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The Americas 57.2 (2000) 302-303

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Nicaragua: The Chamorro Years. By David Close. Boulder: Lynne Rienner Publishers, 1999. Pp. ix, 243. Bibliography. Index. $52.00 cloth.

Violeta Chamorro was a Reaganesque president, not totally clued in but teflon-coated, a lightning rod for those who felt passionately about their politics, but appealing to that sector of the population that yearned for a return to an imaginary conflict-free past. David Close has carefully recaptured the 1990-96 period in Nicaragua, when the clutch was in but the gears had not shifted after the Sandinista decade. This sequel to his 1988 Nicaragua: Politics, Economics and Society (in Pinter Publisher's quaintly named "Marxist Regimes" series) is a valuable resource for country specialists and students of regime transition.

As Close notes, Chamorro's election marked not just a new government but a change of regime. He frames the transition not in terms of a "vanguardist, orthodox Marxist" past, but rather a hybrid Sandinista project of socialism with "important liberal, constitutional characteristics" (pp. 52-3), recognizing that democratization began not with Chamorro, but with the 1979 revolutionary overthrow of the Somoza dictatorship. His clear and sensible application of political science standbys, such as [End Page 302] government vs. regime change (ch. 2) and the function of constitutions (ch. 6), should earn this book a place in comparative/Latin American politics classrooms.

The author's breezy style presents the often complex dilemmas of this transitional period in a readily understandable form. Thus, after recounting the succession of rearmed groups that continually held up the government for concessions, he concludes with the pithy summary, "There was always someone ready to turn to arms to get the same treatment as their old adversaries" (p. 98). Sometimes, though, the devil is in the details. The discussion of the "piñata" or transfer of properties during the lame-duck Sandinista months in 1990 could distinguish more clearly between belated legalization of redistributive revolutionary policy, and corrupt "spontaneous privatization" to departing functionaries. This confusion not only complicated the property issue (which Chamorro exacerbated by implicitly promising the same finite resources to ex-property owners and ex-combatants from both sides), but also foreshadowed the reemergence of intra-Sandinista class divisions. Another important detail is the well-documented U.S. role in cobbling together the 1990 UNO electoral coalition, not conveyed by mention that "there was a sense" that the U.S. embassy was promoting Chamorro's candidacy (p. 39) or had "intimated" its preference (p. 212). There is also no discussion of the quasi-insurrectionary "mayors' movement" launched by the right-wing Political Council of UNO, perhaps because the book emphasizes national-level politics and the governing nucleus around Chamorro and "First Son-in-Law" Antonio Lacayo.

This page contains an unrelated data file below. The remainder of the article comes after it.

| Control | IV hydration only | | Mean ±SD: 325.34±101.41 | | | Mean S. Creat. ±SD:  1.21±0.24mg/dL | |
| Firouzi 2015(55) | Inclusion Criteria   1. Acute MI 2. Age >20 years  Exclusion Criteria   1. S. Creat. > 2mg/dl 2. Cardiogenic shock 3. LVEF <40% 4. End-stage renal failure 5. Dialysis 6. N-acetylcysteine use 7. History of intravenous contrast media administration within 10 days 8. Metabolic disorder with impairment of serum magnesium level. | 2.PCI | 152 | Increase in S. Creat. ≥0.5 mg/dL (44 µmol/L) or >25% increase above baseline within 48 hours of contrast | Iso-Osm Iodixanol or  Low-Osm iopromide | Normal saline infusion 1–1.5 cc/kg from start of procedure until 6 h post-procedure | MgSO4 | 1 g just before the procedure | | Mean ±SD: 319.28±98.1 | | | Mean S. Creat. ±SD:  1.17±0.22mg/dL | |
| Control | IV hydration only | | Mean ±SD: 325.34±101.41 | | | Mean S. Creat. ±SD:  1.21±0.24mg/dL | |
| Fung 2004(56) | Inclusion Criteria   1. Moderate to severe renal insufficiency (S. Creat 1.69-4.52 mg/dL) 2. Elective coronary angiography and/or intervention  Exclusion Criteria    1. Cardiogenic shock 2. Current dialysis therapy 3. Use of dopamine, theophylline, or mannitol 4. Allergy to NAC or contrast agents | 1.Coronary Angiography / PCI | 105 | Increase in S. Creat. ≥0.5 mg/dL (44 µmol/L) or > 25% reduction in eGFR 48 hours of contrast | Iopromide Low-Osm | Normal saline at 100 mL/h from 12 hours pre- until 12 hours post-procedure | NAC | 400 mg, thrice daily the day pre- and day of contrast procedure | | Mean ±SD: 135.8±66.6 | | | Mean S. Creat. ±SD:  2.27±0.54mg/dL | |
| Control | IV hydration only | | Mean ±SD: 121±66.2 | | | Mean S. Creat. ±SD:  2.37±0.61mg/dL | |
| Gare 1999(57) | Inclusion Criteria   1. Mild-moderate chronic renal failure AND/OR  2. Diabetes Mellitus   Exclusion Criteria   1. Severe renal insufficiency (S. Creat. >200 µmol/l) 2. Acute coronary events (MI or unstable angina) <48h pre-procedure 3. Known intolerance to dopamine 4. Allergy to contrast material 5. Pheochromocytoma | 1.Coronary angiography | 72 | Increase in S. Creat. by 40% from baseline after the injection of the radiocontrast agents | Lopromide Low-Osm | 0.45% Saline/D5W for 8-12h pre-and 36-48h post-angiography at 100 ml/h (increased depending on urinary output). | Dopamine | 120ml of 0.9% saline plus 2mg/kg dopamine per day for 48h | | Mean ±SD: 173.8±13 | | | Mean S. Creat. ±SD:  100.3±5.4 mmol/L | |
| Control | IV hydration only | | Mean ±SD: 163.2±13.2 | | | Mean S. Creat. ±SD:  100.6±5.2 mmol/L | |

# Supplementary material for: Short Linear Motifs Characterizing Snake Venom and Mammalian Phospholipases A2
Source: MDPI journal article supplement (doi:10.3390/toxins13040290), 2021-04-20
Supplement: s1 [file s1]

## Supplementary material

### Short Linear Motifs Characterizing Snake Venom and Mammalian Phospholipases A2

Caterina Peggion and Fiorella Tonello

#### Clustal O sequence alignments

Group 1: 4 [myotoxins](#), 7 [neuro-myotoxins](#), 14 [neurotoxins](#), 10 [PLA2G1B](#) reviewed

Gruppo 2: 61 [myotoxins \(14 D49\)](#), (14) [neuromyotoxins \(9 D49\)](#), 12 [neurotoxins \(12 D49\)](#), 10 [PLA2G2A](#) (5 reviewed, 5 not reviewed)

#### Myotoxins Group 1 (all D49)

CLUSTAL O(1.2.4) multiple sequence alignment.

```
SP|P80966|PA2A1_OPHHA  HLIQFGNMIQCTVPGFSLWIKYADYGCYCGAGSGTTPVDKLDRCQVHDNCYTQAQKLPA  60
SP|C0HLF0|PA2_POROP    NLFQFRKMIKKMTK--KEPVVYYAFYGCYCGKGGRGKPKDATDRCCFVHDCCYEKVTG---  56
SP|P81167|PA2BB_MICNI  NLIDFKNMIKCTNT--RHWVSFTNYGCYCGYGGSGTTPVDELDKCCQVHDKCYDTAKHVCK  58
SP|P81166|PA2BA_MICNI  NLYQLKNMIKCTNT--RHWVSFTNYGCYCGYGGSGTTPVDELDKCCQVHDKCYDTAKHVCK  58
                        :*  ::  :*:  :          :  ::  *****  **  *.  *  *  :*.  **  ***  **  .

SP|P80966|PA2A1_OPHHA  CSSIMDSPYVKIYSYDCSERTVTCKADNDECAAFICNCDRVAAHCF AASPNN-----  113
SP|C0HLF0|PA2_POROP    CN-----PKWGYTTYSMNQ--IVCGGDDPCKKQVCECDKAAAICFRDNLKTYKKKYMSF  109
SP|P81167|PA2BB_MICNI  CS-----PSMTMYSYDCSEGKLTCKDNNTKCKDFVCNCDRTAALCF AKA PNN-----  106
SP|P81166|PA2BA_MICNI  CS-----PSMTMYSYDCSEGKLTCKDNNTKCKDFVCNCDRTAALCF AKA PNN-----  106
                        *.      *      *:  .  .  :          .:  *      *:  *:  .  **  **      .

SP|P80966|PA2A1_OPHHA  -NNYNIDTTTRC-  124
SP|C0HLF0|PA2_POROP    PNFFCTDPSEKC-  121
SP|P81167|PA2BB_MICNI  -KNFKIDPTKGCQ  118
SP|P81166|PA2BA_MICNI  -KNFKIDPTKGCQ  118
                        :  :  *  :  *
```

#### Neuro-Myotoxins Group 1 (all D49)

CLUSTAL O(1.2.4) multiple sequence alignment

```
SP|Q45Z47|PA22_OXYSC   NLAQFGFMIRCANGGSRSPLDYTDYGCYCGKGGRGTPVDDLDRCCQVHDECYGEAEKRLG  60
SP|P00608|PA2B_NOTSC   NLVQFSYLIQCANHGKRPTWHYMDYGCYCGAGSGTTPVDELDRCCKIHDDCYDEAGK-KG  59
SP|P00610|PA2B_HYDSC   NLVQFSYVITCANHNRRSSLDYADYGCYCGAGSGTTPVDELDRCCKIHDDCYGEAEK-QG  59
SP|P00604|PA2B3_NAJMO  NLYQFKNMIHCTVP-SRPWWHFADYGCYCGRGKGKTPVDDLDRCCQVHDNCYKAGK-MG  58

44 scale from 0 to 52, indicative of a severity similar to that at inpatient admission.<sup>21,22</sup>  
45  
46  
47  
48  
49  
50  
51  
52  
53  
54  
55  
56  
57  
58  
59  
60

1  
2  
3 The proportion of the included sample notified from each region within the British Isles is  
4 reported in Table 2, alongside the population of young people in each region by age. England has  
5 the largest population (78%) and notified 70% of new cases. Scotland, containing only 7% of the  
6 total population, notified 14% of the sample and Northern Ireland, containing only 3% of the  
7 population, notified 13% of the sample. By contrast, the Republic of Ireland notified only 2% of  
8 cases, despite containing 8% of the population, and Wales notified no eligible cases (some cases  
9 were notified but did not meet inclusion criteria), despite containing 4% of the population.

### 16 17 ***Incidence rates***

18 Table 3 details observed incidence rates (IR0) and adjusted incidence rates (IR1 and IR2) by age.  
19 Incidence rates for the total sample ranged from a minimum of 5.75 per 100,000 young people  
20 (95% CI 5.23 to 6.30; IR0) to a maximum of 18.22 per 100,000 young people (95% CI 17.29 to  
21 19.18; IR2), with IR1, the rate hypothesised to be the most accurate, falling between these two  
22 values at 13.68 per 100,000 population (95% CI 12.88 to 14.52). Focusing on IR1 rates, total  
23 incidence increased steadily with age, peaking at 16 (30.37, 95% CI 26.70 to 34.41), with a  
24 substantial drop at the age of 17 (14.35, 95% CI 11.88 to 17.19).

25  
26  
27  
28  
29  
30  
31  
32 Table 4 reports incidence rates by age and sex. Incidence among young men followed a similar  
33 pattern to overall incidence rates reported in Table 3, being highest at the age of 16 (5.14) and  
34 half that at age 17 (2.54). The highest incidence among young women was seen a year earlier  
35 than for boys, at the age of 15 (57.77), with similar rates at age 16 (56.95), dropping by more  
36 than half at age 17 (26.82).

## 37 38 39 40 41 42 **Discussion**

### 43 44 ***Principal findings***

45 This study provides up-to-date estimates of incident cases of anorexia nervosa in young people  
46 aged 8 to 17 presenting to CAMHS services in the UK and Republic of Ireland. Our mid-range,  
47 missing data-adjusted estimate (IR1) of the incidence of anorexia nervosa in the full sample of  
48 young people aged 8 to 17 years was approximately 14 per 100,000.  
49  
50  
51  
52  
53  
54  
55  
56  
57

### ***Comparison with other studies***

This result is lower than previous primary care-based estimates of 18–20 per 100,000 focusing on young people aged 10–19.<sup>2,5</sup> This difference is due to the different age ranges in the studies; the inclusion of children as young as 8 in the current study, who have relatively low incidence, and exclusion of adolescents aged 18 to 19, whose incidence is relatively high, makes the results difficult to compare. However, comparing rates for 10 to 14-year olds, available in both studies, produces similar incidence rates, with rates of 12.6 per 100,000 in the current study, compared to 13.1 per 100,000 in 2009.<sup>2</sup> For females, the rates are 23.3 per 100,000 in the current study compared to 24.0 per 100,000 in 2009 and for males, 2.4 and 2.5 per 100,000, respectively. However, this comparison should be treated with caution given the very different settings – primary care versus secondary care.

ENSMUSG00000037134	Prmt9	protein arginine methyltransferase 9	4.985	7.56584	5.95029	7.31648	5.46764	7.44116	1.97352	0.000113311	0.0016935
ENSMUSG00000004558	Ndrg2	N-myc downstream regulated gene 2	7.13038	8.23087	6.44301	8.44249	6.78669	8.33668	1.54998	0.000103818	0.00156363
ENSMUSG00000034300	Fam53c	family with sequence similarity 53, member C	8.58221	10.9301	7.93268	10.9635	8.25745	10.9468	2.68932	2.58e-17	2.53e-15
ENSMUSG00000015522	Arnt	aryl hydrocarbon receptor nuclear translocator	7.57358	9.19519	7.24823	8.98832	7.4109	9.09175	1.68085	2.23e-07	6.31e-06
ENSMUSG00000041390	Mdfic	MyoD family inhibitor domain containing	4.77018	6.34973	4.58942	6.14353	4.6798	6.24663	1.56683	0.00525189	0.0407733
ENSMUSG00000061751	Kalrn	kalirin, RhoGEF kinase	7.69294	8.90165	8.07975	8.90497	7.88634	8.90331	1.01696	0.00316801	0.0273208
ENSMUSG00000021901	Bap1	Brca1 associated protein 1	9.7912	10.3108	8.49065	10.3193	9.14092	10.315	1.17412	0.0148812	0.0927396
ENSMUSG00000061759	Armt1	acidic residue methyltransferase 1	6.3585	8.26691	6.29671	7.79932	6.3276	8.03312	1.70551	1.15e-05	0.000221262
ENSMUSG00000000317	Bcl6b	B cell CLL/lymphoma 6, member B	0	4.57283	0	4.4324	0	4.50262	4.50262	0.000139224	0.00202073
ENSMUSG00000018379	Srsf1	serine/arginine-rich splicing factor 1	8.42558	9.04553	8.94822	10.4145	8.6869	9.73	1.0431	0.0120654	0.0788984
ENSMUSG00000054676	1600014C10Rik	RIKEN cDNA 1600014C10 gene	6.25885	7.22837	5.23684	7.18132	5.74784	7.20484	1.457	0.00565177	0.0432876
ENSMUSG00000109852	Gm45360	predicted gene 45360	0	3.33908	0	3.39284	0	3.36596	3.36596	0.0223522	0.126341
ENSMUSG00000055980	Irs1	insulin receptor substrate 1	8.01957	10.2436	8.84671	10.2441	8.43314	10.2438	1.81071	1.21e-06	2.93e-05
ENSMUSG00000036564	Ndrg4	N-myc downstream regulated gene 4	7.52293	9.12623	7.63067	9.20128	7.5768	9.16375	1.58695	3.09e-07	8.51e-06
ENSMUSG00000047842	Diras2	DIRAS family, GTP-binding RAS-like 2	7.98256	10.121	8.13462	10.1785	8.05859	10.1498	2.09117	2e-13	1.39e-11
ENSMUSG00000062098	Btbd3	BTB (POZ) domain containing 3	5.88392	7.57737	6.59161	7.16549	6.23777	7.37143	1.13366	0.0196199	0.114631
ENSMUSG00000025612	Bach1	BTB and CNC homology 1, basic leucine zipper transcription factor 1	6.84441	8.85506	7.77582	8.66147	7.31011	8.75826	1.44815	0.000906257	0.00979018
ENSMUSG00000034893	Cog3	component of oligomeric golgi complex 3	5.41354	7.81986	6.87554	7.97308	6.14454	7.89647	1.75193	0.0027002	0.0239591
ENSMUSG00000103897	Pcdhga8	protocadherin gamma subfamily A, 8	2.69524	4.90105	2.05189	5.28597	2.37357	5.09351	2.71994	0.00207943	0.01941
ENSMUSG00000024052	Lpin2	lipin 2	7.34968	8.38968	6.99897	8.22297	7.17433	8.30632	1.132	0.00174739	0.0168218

The analysis here focuses heavily on political institutions. The book's strength is in its excellent discussion of the precariously negotiated reformulation of the state (electoral system, constitution, legislature, armed forces) and political parties. However, in contrasting the Chamorro model--frankly described as "orthodox liberal democracy" and "the night-watchman state"--to the "class-based Sandinista version" of democracy (p. 206), there is danger of losing sight of the class content of the post-1990 capitalist restoration. While the Sandinista leadership may not resist neoliberal structural adjustment any more effectively than the Chamorro team, this could be because those policies benefit a faction of capital and technocrats arrayed across both camps. Defending "co-government" between the Chamorro and Sandinista leadership seems to let both off the hook too easily, prioritizing institutional stability over the substantive gains that the Sandinista social base struggled to defend by continued mobilization.

The scandal-ridden successor administration of right-wing populist Arnoldo Alemán made the modest accomplishments of Violeta Chamorro's government look good, which may explain the nostalgic poll ratings cited in the final paragraph of the book. The Sandinista leadership's eagerness to forge a pact with Alemán's Liberal Alliance suggests that Close's optimism regarding the emergence of a stable, two-party system may be premature. The Nicaraguan case will continue to be a...


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